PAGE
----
Many people associate strikes with picket lines. Workers bearing placards with slogans supporting their position file around the gate of their workplace, often chanting or even singing songs. The purpose of picketing is to draw public attention (and sympathy) to their cause, inform the public of the goals and the reasons behind the strike and discourage anyone from violating the strike order and going to work. Anyone who does this literally has to cross the picket lines, and they usually are called scabs.
Scabs can be union members who decide to work instead of striking, or they can be non-union workers specially hired by the employer to fill the positions of the striking workers. The term goes back to the 18th century, and probably refers to diseases common in that era that left victims with infectious scabs. Workers crossing picket lines would be "scabb'd" by the other union members (shunned and forced out of their jobs).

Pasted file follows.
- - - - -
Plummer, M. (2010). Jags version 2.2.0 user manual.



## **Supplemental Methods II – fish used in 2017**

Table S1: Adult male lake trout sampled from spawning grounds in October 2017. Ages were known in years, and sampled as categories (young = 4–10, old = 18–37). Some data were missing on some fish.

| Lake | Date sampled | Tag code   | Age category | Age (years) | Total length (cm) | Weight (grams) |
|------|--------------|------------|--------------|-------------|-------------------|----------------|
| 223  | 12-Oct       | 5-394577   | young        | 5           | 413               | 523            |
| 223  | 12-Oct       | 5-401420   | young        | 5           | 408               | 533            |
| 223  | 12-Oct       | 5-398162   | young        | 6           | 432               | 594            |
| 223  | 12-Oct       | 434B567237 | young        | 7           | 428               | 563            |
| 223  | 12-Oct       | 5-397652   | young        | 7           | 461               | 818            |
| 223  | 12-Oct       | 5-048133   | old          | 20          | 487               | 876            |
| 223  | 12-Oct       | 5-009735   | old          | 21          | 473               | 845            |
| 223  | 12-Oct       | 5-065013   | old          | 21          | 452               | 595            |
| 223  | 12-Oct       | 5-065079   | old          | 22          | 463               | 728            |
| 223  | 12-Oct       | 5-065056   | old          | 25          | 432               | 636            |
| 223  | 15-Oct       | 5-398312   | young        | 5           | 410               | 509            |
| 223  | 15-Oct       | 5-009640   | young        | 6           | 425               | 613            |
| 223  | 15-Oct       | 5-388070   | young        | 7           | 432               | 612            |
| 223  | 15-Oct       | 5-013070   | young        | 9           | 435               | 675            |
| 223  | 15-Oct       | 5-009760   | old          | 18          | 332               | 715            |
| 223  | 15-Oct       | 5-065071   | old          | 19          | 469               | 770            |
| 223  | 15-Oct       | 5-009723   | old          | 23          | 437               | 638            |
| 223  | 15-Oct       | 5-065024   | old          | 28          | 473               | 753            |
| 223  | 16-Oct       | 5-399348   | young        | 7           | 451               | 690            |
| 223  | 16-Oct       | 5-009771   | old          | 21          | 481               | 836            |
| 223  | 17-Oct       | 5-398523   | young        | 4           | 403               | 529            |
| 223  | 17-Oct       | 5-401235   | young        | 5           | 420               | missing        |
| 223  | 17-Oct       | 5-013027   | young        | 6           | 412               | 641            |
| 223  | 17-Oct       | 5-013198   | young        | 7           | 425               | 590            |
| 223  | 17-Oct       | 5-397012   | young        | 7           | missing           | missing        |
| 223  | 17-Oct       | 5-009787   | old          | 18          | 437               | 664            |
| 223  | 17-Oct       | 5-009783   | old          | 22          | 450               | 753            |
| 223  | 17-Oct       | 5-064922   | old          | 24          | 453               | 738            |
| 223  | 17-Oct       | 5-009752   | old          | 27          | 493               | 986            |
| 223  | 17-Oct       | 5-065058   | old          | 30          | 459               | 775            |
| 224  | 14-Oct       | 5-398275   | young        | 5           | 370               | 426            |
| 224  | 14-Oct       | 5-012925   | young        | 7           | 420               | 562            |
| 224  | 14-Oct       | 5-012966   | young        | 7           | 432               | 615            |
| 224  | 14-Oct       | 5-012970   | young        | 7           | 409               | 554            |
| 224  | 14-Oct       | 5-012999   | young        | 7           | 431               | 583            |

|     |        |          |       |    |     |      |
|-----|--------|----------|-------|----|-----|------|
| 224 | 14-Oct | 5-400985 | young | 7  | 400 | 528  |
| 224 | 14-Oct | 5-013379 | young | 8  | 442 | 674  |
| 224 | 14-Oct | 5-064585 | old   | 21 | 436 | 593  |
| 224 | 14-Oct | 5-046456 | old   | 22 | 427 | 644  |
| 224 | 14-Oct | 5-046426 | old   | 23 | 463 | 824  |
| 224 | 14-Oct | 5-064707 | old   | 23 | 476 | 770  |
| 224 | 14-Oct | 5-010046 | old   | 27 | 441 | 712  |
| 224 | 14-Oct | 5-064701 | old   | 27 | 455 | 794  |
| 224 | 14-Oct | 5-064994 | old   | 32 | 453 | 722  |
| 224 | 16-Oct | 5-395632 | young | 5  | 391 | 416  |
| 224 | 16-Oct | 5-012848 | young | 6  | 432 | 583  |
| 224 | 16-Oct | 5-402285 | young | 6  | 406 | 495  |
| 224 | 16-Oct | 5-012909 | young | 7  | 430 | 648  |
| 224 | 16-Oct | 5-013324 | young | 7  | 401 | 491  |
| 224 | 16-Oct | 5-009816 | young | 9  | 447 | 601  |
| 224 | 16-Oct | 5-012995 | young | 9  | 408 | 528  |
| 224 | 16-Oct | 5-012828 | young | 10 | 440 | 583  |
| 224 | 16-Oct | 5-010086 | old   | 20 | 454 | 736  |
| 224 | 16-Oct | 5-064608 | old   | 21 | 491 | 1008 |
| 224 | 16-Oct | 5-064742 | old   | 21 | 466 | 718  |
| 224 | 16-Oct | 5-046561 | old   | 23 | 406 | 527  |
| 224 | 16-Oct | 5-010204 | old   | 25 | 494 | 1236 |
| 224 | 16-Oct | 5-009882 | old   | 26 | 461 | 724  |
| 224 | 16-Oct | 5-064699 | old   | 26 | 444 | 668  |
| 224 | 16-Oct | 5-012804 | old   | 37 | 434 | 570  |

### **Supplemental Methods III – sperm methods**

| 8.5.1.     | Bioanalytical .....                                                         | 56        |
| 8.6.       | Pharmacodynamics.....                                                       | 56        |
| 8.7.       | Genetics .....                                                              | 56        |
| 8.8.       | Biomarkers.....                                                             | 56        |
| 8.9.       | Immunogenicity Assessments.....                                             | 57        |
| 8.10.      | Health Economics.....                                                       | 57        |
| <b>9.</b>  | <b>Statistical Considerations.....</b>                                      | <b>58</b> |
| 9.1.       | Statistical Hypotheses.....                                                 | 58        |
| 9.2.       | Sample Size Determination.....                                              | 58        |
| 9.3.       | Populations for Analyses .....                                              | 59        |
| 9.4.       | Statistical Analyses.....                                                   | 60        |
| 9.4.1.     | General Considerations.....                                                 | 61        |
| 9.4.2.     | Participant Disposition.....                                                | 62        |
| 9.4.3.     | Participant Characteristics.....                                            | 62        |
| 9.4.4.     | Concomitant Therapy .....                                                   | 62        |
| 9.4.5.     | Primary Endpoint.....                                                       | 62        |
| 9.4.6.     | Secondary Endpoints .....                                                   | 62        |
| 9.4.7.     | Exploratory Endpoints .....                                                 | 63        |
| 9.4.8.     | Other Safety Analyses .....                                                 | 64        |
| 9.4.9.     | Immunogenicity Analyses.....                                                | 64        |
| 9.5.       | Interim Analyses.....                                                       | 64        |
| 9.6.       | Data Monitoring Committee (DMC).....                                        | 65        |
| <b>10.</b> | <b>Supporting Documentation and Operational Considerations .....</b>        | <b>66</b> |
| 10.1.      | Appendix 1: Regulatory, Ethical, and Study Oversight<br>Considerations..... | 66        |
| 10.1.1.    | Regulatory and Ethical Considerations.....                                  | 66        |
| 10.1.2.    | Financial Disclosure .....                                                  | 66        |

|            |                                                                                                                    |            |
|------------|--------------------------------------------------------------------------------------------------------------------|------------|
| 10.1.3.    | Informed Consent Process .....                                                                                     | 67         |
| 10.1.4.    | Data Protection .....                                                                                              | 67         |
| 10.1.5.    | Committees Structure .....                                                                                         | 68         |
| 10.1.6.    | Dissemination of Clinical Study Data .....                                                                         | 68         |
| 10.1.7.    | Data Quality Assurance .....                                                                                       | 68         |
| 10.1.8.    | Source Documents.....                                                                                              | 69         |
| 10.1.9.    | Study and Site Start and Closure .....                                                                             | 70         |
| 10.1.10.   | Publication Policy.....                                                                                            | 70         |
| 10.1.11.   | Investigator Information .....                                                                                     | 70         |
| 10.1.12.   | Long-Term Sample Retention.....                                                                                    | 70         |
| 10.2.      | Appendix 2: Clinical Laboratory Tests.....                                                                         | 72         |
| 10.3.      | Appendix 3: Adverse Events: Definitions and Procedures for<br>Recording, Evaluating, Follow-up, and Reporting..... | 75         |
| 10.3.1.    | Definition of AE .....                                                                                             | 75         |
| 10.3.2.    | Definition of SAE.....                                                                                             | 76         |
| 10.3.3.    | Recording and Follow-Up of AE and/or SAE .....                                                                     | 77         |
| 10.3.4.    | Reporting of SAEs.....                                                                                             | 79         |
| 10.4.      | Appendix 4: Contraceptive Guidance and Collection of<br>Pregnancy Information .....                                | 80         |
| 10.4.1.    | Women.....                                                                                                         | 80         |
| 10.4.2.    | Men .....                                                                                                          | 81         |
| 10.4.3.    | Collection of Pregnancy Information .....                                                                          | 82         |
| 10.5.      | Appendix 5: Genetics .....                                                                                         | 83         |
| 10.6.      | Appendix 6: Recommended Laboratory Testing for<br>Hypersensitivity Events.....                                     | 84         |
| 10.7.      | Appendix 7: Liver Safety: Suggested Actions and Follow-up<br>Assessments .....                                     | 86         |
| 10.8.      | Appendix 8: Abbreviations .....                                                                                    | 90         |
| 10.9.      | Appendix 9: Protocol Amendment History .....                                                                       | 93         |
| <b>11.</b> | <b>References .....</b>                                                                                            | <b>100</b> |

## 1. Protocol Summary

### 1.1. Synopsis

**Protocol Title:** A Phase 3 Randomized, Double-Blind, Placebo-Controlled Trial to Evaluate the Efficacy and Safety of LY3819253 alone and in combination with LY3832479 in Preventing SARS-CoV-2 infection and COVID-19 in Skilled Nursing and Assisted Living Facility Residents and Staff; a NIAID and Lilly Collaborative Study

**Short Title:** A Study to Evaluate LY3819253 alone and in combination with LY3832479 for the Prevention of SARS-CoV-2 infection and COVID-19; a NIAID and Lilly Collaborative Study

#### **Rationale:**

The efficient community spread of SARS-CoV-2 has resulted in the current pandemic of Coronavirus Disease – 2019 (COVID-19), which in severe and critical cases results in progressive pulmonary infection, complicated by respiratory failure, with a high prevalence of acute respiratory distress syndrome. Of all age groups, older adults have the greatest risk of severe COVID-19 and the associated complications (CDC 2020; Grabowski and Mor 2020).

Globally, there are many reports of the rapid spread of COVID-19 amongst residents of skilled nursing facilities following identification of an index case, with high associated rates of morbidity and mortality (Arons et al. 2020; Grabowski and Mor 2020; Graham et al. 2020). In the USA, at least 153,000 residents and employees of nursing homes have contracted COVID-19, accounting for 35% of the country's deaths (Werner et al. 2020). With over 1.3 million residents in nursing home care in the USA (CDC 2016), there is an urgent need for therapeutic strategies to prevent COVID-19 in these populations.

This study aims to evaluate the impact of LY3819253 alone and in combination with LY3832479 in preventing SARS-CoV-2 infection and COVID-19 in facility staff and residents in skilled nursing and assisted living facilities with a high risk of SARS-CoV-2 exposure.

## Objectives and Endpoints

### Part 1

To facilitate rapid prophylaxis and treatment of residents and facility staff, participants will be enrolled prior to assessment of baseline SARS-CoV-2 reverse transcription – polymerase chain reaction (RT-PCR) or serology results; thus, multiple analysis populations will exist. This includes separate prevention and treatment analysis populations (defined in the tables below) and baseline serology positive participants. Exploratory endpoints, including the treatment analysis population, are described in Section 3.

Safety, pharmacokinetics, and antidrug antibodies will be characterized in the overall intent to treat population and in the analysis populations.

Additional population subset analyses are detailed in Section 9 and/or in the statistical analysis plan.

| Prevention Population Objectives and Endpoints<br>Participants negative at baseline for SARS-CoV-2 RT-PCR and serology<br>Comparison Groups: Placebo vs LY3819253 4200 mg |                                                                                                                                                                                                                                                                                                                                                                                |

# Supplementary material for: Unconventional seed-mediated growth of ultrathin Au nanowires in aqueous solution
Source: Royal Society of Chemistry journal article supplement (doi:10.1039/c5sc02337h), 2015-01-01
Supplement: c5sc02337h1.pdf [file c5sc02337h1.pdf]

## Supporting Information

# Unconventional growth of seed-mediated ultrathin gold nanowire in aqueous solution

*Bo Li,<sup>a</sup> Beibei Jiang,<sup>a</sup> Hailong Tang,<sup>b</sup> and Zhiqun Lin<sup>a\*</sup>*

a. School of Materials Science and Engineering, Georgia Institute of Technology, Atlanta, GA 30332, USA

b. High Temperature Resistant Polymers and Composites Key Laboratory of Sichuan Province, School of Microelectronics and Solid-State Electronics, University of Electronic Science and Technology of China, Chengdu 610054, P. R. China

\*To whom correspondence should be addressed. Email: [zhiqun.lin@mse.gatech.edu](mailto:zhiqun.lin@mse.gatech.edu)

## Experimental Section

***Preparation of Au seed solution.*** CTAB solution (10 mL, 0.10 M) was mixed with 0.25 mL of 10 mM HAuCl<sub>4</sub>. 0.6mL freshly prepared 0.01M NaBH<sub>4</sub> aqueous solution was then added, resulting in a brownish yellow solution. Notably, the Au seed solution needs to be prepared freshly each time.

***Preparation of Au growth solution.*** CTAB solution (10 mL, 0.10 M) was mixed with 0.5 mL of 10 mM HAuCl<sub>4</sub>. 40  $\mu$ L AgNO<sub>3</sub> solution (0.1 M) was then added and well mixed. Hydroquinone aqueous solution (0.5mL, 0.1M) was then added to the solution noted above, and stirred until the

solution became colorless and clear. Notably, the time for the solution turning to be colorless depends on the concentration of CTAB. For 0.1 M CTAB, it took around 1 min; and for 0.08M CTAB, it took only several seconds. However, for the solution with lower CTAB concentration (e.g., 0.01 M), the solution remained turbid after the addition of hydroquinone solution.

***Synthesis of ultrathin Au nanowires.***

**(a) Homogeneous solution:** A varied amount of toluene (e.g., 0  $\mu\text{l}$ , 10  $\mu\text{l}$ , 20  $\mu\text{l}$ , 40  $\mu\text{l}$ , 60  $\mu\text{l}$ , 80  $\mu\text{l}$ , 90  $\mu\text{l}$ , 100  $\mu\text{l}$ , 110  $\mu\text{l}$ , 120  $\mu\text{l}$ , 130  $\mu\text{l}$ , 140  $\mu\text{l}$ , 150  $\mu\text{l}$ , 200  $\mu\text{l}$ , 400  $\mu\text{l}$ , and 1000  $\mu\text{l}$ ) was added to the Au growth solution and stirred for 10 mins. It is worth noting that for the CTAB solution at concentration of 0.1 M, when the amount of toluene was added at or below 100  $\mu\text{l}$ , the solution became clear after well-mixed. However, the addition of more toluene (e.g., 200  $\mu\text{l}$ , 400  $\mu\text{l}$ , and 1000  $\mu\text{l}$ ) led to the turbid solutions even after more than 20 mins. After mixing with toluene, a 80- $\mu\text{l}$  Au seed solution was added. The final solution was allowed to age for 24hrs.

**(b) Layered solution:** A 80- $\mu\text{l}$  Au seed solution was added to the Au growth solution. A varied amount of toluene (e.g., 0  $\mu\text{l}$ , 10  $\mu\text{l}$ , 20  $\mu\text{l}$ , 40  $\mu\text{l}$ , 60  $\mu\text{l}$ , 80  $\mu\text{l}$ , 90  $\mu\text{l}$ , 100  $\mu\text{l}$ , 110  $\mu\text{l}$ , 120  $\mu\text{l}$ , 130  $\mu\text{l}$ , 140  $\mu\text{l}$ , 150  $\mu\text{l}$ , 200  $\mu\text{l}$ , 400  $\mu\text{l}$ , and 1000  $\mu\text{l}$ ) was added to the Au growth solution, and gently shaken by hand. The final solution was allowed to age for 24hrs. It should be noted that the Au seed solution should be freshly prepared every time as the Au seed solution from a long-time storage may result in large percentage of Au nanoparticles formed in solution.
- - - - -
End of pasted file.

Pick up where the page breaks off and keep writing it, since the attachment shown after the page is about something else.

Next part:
In 1806, the Cordwainers Union of Philadelphia went on strike, and several union members became scabs. This was recounted in the ensuing trial by cordwainer Job Harrison:
Sometimes union members will picket without striking. This is known as informational picketing. Prior to the air traffic controllers' strike in 1981, the controllers picketed outside airports during their off hours, holding signs and handing out pamphlets that explained their position [ref].